Tipped off by my wife, I went to the RA yesterday to see the exhibition of work by the American artist George Bellows (1882-1925).
What a revelation. Whilst the front of the RA is hung with an enormous and uninspiring hanging, and most of inside is closed up in preparation for the Summer Exhibition, there is a remarkable and powerful body of work illuminating the Sackler Galleries. The exhibition closes at the end of next week (9 June) but if you have a chance to visit before then, grab it.
I think it is generally accepted that the epicentre of development in art was Paris in the nineteenth century, and that by the middle of the twentieth century the centre had moved to New York. What this exhibition makes clear though is that the shift of energy and innovation across the Atlantic was already underway at the very beginning of the century.
Bellows had certainly absorbed a great deal of the European art tradition, from Paris and elsewhere. The inspiration of Degas, Manet, Goya and Velasquez runs through much of his work. But he imbued that tradition with a new energy and a new urban grittiness which reflects the harsh realities of life in New York.
The earliest works in the exhibition are to my mind some of the most powerful, reflecting both the realities of working class urban life (Forty Two Kids) and his absorption of painters like Manet (Miss Leslie Hall). The latter is one of a number of powerful female nudes which featured in his work and in this exhibition.
At around this time, Bellows also started to use the boxing ring as a source of inspiration and the exhibition includes both paintings and drawings which reflect that period. Stag at Sharkeys is one of the best known and most powerful. This is only a small part of his creative work but, perhaps unfortunately, it has become emblematic of his career, over-shadowing other work of equal strength. Indeed if you were to look at the publicity material for this exhibition you might conclude it was an exhibition of boxing pictures when it is more, much more, than that.
As the boxing pictures showed, Bellows gained early mastery of exploiting the harsh artificial lighting of the modern city for powerful dramatic effect. This was the case in both interior and exterior paintings as Snow Dumpers shows, picturing the relentless task of moving snow and dumping it from horse drawn carts into the Hudson.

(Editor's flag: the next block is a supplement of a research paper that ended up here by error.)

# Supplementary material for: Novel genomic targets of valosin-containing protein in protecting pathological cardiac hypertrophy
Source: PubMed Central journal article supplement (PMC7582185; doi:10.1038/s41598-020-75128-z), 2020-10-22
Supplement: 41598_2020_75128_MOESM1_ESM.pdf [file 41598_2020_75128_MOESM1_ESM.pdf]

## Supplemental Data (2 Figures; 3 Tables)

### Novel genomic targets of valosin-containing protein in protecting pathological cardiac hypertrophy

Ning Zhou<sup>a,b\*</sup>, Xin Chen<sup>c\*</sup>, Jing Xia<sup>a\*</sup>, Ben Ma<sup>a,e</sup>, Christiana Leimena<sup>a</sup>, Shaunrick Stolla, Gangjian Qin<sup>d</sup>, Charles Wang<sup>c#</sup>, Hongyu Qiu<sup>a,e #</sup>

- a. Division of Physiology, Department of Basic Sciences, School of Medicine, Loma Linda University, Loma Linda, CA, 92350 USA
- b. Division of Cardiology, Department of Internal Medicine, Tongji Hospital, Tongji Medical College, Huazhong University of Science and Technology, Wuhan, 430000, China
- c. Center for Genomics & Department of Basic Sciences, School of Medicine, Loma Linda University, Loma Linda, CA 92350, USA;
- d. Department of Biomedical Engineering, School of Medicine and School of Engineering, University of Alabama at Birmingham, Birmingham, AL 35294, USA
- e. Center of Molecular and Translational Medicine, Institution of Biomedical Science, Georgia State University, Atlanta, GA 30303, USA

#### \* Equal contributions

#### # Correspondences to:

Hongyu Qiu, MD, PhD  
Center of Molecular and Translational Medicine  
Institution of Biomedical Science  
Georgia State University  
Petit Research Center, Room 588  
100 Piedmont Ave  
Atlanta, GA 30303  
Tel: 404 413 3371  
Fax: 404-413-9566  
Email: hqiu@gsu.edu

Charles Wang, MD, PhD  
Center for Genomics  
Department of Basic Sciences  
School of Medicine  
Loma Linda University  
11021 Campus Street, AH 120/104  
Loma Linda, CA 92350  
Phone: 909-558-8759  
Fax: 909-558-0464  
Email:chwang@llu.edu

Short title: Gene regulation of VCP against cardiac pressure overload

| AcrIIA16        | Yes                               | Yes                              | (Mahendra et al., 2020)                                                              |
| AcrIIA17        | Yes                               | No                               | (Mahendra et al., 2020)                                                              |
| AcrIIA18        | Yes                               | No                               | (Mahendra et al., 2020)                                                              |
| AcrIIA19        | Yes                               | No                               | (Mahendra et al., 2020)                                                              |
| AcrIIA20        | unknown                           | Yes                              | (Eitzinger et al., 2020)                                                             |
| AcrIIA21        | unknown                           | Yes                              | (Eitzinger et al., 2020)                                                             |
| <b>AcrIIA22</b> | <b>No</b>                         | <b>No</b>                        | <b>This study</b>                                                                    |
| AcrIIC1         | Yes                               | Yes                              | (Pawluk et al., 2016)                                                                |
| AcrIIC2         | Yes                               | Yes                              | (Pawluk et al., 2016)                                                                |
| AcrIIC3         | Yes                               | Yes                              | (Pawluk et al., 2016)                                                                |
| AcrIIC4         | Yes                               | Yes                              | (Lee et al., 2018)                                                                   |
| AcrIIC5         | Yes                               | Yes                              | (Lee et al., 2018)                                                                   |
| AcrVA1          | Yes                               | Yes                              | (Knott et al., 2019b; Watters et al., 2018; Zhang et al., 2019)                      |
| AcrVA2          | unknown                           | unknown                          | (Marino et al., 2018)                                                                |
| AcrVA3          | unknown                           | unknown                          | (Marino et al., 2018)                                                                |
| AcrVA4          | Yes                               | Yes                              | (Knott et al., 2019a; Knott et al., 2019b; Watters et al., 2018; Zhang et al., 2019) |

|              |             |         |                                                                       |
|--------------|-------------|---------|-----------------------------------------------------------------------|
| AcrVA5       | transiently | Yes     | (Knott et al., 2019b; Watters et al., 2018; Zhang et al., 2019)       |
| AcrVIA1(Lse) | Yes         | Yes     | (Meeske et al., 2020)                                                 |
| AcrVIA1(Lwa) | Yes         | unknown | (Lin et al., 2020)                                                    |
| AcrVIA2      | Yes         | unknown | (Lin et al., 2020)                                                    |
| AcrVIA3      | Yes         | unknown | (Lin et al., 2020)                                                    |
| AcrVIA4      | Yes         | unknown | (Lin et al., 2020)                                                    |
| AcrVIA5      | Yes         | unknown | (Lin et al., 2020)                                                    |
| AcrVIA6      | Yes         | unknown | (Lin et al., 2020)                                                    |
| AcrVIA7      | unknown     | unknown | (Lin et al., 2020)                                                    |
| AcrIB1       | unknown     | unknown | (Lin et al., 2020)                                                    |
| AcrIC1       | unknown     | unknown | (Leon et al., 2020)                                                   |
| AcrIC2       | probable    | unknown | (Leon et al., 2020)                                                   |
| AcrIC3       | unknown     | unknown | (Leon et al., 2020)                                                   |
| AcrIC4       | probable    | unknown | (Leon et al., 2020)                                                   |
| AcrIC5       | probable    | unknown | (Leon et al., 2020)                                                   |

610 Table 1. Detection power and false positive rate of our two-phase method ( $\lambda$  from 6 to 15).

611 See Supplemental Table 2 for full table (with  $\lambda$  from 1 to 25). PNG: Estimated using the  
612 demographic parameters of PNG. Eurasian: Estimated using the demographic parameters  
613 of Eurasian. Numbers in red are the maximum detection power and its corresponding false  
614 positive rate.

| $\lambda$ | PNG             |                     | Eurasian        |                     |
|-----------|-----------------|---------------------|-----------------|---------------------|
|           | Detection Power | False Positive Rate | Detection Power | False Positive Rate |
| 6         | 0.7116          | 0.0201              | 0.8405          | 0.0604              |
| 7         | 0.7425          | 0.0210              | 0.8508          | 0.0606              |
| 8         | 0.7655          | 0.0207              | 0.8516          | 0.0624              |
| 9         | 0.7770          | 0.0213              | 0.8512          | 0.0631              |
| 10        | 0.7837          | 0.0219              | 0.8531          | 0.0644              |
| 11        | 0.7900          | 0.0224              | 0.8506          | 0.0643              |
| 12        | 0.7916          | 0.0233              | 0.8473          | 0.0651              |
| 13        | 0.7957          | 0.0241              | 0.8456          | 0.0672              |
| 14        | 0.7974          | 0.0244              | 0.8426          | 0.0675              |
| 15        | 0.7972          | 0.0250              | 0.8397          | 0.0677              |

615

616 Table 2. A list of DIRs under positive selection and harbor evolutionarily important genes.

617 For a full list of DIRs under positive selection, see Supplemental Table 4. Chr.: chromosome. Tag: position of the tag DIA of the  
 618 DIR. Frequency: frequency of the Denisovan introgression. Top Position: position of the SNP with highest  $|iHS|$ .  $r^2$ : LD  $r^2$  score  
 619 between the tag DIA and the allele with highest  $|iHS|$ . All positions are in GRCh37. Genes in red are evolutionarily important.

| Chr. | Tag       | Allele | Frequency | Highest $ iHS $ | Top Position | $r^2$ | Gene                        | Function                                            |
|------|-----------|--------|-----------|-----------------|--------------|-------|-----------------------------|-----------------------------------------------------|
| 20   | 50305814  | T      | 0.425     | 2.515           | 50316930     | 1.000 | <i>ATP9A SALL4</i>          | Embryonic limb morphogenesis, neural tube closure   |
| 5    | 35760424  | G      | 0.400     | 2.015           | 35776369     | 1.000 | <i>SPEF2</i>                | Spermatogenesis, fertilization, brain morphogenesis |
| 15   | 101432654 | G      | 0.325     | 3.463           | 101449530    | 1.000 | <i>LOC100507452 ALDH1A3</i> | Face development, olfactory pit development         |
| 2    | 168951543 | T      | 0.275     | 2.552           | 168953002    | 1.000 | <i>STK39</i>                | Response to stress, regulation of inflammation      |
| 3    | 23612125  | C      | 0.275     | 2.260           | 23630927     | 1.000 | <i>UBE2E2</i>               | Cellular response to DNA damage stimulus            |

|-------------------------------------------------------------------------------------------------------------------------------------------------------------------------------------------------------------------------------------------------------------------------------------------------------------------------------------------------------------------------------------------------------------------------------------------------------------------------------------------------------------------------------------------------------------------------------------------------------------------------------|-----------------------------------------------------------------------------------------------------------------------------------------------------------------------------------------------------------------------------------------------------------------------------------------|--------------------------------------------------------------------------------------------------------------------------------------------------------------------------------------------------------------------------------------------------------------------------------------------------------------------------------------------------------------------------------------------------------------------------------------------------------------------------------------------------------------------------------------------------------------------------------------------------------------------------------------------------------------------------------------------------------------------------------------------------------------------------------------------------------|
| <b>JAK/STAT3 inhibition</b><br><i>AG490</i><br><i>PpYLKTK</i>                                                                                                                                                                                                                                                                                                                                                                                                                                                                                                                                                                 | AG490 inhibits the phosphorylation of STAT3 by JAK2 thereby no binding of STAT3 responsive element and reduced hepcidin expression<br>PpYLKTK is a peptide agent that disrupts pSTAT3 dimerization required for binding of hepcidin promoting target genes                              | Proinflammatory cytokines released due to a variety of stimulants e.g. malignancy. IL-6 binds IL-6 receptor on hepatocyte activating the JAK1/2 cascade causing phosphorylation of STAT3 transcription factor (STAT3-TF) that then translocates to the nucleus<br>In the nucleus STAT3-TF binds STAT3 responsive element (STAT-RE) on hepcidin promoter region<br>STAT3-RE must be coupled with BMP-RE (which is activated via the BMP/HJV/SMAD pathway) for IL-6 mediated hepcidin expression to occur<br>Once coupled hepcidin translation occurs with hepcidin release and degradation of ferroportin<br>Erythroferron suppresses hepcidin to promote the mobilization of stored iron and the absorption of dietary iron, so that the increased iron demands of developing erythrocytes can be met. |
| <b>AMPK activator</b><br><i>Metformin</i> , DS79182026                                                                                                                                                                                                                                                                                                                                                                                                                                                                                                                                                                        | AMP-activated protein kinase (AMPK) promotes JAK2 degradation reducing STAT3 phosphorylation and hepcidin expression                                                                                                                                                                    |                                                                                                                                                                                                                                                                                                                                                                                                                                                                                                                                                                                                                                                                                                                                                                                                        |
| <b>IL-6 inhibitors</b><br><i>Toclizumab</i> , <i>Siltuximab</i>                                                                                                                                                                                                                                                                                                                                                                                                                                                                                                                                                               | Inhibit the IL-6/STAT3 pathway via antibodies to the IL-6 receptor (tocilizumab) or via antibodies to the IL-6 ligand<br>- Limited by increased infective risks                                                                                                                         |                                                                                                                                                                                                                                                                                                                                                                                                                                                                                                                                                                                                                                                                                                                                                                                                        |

Also featured in the exhibition are a number of particularly powerful canvases, such as The Barricade, which Bellows painted after America’s entry into the First War. Drawing inspiration from Goya these pictures graphically depict the horrors of war, but could not be more different from much British art of the same period. Whilst much British war art of that period is suffused with sadness and even self-pity, reflecting the enormous loss of British life, Bellows work is suffused with anger and is, to a modern eye, provocatively accusatory. It is about the prosecution of war crimes, depicted as directly and brutally as possible.
Bellows died cruelly young from peritonitis, and we are left wondering where his talent would have taken him had he lived to the middle of the American century. The last room of the exhibition reflects a man who has moved on from the urgency of youth and is a more careful and considered painter, centred in his family. Whilst these pictures lack the raw energy of his early work, they gain in detailed observation. And they continue to reflect his absorption of art history as the parallels highlighted in the exhibition between Two Women and Titian’s Sacred and Profane Love makes very clear.
Even at the time of his death, Bellows was a major artist who deserves much more recognition on this side of the Atlantic. Had he lived another thirty years he might well have become one of the very greatest American artists. Go and see this exhibition or, if that is not possible, buy the beautiful catalogue. You will not be disappointed.